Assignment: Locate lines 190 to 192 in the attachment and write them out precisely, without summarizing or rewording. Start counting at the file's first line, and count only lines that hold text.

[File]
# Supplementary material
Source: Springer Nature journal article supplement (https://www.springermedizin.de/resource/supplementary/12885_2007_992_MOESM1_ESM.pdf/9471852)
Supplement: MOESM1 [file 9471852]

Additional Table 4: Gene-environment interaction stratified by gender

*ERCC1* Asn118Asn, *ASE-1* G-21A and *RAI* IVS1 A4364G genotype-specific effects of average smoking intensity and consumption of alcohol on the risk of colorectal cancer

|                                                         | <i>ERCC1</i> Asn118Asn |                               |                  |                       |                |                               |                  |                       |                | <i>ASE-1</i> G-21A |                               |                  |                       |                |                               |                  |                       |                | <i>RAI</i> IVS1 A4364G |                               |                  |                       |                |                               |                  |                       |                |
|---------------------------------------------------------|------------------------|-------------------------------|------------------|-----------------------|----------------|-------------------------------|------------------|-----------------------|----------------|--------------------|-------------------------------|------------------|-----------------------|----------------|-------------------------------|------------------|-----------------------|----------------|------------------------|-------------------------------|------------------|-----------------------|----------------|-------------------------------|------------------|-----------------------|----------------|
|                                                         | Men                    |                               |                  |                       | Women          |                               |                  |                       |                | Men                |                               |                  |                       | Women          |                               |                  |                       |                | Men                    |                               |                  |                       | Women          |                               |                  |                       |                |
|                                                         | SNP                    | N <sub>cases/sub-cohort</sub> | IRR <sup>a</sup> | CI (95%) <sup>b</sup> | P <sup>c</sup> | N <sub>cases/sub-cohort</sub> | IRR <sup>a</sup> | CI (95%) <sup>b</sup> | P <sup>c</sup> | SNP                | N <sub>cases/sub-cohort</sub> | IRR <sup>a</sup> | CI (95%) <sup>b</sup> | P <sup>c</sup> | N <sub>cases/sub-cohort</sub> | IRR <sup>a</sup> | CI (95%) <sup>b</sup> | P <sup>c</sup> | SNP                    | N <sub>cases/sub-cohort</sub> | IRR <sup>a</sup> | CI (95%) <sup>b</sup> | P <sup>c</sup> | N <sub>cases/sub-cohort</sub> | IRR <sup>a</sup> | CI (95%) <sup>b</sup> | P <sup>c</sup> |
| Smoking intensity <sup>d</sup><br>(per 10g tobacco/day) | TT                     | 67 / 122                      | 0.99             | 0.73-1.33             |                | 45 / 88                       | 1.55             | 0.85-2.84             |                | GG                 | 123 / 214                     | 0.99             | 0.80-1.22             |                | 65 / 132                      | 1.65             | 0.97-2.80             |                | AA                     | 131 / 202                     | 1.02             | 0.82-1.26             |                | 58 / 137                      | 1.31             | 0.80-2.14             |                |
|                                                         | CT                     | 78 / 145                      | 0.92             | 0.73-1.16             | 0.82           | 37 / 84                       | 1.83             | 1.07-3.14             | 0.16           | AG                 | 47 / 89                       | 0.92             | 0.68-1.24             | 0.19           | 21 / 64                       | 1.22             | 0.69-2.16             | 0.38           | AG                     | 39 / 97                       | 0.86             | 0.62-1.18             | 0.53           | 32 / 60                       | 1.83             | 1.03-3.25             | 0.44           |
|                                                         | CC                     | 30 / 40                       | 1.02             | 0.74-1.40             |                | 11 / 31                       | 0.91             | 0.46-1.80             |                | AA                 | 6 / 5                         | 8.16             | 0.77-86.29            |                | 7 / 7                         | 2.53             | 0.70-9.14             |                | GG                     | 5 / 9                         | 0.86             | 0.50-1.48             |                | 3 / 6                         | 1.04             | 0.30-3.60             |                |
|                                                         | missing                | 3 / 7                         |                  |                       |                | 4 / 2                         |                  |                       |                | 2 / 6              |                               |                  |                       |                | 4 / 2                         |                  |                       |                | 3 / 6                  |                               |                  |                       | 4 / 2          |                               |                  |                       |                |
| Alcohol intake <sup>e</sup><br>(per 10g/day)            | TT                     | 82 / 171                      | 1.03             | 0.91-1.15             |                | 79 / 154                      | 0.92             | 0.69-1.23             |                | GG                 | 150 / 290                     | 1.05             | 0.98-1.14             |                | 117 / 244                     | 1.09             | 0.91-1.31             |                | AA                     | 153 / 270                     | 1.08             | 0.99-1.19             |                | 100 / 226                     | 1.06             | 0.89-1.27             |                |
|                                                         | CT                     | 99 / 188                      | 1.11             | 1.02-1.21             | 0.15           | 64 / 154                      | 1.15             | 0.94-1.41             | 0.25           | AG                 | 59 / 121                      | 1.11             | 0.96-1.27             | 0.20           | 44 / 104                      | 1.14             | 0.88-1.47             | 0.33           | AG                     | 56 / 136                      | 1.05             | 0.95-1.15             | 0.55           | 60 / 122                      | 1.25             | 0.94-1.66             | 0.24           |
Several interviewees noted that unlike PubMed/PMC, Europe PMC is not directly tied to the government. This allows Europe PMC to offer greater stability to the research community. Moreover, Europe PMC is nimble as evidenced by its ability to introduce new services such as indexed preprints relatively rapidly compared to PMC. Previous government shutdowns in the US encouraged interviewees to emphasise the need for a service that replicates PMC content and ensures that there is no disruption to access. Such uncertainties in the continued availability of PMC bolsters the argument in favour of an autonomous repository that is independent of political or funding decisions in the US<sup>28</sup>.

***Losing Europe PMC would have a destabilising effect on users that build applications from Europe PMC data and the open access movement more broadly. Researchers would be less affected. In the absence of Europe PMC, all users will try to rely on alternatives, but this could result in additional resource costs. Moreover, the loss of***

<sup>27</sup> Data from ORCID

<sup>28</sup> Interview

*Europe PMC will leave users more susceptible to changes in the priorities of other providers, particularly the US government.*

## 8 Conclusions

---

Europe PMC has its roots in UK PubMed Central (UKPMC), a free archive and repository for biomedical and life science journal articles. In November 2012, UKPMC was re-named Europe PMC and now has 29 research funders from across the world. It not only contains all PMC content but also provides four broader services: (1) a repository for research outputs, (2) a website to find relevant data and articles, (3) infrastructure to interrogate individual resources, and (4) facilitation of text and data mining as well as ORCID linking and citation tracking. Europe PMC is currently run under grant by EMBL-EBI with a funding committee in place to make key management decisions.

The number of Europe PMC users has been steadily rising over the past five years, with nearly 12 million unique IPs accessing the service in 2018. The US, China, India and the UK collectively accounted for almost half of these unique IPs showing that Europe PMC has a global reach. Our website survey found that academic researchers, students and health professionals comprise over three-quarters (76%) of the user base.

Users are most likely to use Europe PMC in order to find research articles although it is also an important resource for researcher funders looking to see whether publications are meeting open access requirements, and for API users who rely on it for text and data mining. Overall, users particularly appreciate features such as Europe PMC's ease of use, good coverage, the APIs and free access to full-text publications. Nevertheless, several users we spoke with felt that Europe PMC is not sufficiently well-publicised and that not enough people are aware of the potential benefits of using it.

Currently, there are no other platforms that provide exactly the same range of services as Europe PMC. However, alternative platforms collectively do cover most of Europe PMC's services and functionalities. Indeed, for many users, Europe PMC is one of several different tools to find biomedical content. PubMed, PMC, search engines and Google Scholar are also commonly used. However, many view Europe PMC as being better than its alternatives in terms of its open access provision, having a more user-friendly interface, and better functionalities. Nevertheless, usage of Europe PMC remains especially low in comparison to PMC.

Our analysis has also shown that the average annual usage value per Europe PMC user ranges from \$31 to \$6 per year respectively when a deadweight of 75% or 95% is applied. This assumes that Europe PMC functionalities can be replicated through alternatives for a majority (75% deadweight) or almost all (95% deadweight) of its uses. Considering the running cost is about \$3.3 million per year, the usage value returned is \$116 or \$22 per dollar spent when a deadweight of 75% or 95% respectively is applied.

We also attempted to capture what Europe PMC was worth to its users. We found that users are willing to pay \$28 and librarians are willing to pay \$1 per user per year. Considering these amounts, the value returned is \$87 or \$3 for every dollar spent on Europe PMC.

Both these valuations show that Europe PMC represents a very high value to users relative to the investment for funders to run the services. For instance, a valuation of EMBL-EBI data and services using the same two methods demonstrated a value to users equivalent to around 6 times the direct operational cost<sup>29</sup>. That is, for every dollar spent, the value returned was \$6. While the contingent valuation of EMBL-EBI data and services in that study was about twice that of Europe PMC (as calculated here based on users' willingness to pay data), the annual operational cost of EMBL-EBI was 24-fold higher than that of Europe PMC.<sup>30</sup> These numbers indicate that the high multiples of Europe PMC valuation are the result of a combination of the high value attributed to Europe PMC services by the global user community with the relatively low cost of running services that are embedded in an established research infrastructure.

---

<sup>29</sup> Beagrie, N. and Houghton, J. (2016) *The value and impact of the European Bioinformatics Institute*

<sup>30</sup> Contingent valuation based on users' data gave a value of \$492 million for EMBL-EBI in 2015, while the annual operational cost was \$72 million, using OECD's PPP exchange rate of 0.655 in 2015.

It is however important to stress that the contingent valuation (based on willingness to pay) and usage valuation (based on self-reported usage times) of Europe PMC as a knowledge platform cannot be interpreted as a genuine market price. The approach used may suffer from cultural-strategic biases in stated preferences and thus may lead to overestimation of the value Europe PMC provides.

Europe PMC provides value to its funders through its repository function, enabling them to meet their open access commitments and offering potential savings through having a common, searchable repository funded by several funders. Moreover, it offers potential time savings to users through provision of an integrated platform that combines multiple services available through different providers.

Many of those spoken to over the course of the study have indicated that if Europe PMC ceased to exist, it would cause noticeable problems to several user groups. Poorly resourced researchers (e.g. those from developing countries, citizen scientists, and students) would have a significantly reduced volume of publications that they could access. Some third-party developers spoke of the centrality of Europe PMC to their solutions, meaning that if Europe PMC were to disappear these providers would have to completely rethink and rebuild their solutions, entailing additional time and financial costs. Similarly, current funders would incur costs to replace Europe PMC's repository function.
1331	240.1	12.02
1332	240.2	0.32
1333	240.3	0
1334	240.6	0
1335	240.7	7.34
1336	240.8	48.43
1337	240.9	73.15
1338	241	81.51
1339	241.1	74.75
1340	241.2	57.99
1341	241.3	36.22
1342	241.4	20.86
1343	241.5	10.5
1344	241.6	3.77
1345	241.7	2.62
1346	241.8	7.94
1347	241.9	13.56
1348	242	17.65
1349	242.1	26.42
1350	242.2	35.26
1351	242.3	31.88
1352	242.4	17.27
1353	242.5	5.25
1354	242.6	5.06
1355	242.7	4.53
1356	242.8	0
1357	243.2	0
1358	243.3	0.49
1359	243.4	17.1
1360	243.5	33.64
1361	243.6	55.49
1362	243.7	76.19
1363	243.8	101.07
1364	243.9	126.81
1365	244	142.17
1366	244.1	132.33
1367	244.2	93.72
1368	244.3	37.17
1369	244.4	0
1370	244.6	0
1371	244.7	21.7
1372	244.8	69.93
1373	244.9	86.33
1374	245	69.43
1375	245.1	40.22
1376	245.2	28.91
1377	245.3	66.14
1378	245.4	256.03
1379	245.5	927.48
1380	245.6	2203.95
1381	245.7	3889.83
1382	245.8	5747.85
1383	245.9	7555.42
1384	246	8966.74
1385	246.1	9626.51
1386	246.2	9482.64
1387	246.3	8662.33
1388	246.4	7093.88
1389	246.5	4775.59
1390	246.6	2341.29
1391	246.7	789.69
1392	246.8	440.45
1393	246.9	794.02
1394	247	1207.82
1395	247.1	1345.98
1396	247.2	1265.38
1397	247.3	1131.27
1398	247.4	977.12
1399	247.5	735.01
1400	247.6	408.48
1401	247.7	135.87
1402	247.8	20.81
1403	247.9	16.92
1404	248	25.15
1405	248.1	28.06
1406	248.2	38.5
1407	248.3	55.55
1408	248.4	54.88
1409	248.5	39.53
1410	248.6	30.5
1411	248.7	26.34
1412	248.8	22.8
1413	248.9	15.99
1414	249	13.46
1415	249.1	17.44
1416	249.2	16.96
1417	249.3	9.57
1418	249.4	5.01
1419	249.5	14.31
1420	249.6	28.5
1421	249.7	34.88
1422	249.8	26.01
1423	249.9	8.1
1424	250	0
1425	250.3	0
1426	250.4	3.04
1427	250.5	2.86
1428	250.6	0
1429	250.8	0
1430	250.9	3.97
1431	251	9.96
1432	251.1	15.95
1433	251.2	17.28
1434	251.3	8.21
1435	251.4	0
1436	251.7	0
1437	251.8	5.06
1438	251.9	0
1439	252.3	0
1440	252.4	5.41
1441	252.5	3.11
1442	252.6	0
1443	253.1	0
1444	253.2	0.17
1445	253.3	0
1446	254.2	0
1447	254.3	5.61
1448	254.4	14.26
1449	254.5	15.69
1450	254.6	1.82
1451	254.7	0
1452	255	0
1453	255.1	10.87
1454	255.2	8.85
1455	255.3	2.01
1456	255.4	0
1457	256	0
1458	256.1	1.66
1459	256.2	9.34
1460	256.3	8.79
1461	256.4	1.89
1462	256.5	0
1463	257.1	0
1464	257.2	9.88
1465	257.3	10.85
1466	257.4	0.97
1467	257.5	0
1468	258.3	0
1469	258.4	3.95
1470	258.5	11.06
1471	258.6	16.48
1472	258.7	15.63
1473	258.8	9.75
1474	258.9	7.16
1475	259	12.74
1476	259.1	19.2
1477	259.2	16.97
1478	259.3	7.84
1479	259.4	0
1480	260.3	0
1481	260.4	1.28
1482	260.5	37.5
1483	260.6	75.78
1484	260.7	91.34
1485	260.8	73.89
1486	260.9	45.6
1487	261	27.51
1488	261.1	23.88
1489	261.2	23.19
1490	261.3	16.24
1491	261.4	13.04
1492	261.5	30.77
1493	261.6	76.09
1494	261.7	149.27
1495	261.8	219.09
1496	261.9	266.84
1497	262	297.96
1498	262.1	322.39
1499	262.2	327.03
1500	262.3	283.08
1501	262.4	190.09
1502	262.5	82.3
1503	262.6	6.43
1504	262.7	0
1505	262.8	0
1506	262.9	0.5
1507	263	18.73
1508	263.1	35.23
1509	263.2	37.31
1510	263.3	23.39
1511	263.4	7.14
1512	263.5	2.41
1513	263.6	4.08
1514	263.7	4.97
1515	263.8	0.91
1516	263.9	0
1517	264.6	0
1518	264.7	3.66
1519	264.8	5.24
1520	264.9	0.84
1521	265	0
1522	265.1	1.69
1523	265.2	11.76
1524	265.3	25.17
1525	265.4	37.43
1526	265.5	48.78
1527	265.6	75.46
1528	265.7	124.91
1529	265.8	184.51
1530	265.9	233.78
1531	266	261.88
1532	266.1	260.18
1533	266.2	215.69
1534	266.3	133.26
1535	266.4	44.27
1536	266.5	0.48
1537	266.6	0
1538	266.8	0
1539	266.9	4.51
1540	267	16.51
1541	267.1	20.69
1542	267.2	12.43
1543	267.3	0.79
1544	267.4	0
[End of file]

1485	260.8	73.89
1486	260.9	45.6
1487	261	27.51